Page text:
When subgrid areas change, the water and energy states remain unchanged on a per-area basis. This can lead to changes in the total gridcell water and energy content.

For example, consider a gridcell with two columns: column 1 has a water mass of 1 kg m-2 and column 2 has a water mass of 2 kg m-2 for a given water state variable, where these are expressed per unit column area. If column 1 increases in area at the expense of column 2, then column 1 will still have a water mass of 1 kg m-2, but now expressed over the new column area. This results in a decrease in the total gridcell water content.

Water and energy are conserved by summing up the total water and energy content of each gridcell before and after a change in area. Differences in liquid and ice water content are balanced by liquid and ice runoff terms, which can be either positive or negative. (Negative runoff is effectively a withdrawal of water from the ocean.) Differences in energy content are balanced by a sensible heat flux term, which again can be either positive or negative. These balancing fluxes are spread evenly throughout the following year.

There is a special case when a given crop column type newly comes into existence - for example, when temperate corn first comes into existence in a gridcell. In this case, the column’s below-ground temperature and water states are copied from the natural vegetated column in its gridcell, so that these state variables begin in a close-to-spun-up state. Other state variables (most of which spin up relatively quickly) begin at their cold start initialization values. This initialization is not necessary for the two other land unit types that currently can grow - natural vegetation and glacier: Those land unit types are always active, even when they have zero area on the gridcell, so their state variables will be spun up immediately when they come into existence. After this initialization, the conservation code described above takes effect. Carbon and Nitrogen Conservation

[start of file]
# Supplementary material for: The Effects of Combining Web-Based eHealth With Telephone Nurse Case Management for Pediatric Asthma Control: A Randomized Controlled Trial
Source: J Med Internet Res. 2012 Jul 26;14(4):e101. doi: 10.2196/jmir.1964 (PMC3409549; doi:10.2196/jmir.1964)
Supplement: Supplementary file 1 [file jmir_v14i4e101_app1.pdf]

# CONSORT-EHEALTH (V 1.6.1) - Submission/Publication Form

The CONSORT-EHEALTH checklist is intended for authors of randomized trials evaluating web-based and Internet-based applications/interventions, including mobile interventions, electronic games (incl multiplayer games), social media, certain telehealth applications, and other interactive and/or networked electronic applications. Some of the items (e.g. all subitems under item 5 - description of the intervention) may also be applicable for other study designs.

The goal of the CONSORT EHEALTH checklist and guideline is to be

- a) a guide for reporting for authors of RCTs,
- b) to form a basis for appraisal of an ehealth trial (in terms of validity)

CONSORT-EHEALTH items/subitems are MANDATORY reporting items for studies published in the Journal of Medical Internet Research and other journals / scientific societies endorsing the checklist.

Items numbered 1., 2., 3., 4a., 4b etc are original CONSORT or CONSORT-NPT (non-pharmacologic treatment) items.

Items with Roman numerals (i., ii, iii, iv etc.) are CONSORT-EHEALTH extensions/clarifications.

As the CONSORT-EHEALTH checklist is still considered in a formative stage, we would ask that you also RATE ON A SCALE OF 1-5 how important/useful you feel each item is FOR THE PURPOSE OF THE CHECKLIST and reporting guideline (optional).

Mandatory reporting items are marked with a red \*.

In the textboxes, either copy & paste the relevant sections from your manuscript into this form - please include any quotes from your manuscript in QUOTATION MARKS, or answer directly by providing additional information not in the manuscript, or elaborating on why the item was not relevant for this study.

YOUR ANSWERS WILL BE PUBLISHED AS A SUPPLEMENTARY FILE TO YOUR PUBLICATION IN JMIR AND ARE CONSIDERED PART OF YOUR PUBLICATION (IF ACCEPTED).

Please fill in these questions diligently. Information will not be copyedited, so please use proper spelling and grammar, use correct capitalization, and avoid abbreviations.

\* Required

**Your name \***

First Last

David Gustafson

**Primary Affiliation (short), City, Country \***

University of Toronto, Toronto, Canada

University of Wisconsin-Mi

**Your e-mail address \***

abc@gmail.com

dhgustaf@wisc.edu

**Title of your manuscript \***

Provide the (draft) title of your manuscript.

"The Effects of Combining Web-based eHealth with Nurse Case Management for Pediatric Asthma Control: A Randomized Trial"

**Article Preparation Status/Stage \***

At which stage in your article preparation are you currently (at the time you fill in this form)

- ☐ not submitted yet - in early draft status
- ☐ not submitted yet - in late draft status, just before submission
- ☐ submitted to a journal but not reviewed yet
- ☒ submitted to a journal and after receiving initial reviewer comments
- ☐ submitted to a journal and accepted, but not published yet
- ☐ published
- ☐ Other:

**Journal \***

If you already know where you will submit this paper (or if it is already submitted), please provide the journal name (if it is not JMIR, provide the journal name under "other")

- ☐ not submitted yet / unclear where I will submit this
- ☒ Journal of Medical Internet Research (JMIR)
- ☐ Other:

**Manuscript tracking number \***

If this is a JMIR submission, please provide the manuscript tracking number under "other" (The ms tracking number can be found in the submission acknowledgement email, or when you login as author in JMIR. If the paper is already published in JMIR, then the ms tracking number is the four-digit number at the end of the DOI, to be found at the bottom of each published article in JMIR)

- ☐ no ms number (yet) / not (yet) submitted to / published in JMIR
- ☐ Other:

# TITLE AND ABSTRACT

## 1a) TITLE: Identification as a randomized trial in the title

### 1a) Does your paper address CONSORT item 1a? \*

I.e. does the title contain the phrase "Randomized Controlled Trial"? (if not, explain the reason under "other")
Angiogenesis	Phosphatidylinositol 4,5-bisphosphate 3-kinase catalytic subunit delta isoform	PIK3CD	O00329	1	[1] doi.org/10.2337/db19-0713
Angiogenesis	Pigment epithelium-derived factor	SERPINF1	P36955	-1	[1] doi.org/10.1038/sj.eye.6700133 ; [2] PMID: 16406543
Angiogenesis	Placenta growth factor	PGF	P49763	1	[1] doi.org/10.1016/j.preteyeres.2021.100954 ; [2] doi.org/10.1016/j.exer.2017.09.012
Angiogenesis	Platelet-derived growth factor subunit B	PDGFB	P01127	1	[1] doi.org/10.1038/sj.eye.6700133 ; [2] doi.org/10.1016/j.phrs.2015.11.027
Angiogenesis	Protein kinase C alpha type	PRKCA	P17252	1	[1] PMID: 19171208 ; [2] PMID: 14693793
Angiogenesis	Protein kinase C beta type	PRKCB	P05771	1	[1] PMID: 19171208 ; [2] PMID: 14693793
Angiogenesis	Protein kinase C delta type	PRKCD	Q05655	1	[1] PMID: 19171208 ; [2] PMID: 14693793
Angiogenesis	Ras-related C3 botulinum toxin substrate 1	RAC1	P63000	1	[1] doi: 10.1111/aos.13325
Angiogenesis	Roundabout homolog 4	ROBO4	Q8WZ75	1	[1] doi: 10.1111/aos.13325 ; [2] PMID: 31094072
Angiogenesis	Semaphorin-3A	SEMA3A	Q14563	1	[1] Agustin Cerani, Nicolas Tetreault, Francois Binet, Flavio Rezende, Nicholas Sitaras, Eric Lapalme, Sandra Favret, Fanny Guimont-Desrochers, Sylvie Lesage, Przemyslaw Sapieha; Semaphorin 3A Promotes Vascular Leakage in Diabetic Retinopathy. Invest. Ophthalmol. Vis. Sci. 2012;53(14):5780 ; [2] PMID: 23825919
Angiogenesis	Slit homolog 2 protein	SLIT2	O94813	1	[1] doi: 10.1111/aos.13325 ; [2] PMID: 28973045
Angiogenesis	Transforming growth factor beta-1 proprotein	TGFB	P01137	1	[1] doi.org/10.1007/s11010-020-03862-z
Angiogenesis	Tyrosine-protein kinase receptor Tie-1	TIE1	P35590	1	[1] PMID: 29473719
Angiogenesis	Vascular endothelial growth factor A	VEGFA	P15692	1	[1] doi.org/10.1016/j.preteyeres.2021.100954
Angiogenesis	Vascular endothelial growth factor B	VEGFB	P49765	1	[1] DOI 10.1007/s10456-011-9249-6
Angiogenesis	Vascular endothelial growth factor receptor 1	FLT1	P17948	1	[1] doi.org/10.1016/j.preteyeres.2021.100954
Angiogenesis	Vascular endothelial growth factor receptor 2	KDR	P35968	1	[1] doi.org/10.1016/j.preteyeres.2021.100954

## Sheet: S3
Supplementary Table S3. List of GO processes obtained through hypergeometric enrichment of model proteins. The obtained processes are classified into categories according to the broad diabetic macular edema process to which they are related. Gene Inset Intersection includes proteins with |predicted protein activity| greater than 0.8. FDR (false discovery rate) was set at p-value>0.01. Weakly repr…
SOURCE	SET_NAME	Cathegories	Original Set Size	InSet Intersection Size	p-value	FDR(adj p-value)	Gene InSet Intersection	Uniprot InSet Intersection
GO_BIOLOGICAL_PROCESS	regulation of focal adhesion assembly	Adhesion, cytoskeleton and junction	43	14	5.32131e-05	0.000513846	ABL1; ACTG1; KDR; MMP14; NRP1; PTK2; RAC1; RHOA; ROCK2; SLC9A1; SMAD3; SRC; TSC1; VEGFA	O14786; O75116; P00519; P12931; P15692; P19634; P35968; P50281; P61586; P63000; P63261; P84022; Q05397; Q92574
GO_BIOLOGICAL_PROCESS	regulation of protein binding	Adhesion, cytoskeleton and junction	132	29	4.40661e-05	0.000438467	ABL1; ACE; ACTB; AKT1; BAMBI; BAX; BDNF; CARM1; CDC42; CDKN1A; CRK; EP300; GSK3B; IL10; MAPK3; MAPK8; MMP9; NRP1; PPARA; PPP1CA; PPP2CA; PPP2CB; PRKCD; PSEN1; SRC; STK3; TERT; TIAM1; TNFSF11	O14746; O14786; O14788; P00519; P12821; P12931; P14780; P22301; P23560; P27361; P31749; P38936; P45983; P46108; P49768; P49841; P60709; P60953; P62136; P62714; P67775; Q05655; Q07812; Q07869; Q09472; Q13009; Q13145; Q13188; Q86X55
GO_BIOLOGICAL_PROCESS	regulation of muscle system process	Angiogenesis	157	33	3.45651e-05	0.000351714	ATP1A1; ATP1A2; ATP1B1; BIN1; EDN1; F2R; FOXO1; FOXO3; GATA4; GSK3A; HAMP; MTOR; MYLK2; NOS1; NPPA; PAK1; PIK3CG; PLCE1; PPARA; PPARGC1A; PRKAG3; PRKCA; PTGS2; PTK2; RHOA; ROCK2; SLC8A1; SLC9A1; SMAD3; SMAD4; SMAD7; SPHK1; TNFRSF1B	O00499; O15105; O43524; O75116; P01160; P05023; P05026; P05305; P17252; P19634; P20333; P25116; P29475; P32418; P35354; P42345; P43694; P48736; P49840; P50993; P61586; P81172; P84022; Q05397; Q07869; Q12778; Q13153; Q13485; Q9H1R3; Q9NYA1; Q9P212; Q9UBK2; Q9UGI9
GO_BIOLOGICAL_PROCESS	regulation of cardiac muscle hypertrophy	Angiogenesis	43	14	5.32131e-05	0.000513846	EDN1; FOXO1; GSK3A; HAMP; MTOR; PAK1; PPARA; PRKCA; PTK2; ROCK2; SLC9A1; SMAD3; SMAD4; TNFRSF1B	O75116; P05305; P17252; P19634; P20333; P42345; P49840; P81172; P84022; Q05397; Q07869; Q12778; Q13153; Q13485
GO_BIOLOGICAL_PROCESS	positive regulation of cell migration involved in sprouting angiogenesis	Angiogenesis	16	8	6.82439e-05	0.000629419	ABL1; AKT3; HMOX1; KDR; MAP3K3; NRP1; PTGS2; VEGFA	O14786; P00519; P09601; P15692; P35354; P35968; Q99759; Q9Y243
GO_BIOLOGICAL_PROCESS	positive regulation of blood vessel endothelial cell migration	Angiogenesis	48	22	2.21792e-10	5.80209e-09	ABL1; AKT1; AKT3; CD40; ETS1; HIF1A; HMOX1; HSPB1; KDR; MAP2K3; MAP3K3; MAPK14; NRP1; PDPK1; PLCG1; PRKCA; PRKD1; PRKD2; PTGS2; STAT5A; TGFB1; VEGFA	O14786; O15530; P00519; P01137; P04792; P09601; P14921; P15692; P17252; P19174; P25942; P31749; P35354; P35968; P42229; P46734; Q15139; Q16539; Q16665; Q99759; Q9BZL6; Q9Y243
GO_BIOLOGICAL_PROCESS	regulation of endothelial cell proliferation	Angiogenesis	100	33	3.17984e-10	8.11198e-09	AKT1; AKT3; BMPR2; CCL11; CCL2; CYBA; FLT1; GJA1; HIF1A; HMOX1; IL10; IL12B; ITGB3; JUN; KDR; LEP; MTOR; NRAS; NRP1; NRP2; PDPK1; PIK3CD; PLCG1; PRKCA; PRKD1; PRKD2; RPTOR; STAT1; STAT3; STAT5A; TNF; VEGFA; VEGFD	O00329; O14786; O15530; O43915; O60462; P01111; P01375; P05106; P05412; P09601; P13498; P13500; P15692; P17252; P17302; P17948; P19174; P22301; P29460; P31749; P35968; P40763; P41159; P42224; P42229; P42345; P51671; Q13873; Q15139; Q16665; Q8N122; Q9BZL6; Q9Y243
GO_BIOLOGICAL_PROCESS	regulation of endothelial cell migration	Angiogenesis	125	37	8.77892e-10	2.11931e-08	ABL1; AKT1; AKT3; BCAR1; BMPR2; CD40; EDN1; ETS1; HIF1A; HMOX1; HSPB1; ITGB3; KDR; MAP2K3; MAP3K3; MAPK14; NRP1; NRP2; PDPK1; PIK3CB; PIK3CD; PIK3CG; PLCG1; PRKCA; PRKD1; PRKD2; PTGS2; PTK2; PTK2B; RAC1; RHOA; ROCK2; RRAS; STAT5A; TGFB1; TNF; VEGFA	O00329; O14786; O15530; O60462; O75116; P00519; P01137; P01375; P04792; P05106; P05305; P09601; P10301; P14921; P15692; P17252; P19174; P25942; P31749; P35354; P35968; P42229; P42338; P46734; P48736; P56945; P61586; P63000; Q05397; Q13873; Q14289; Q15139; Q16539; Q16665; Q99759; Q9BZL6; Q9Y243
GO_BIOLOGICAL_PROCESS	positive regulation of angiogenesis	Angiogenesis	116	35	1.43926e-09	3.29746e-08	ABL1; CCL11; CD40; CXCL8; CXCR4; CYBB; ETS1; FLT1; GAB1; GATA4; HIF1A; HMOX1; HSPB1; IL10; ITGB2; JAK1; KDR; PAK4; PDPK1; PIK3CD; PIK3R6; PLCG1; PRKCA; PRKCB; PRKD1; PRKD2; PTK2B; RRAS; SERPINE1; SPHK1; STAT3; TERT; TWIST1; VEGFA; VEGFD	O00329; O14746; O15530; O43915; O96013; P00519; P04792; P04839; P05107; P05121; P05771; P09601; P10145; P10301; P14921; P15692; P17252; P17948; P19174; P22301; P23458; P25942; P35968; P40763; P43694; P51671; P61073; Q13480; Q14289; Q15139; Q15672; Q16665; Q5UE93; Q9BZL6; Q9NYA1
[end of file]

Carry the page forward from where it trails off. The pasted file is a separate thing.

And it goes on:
Because of the long timescales involved with below-ground carbon and nitrogen dynamics, it is more important that these state variables be adjusted properly when subgrid areas change. Carbon and nitrogen variables are adjusted with the following three-step process:

  1. Patch-level (i.e., vegetation) state variables are adjusted for any changes in patch areas; this may lead to fluxes into column-level (i.e., soil) state variables

  2. Column-level (i.e., soil) state variables are updated based on the fluxes generated in (1)

  3. Column-level (i.e., soil) state variables are adjusted for any changes in column areas

First, patch-level (i.e., vegetation) state variables are adjusted for any changes in patch areas. This includes changes in column or land unit areas, even if the relative proportions of each patch remain constant: the relevant quantities are the patch weights relative to the gridcell.

For a patch that decreases in area, the carbon and nitrogen density on the remaining patch area remains the same as before (i.e., expressed as g per m2 patch area). Because the area has decreased, this represents a decrease in total carbon or nitrogen mass (i.e., expressed as g per m2 gridcell area). The lost mass meets a variety of fates: some is immediately lost to the atmosphere, some is sent to product pools (which are lost to the atmosphere over longer time scales), and some is sent to litter pools.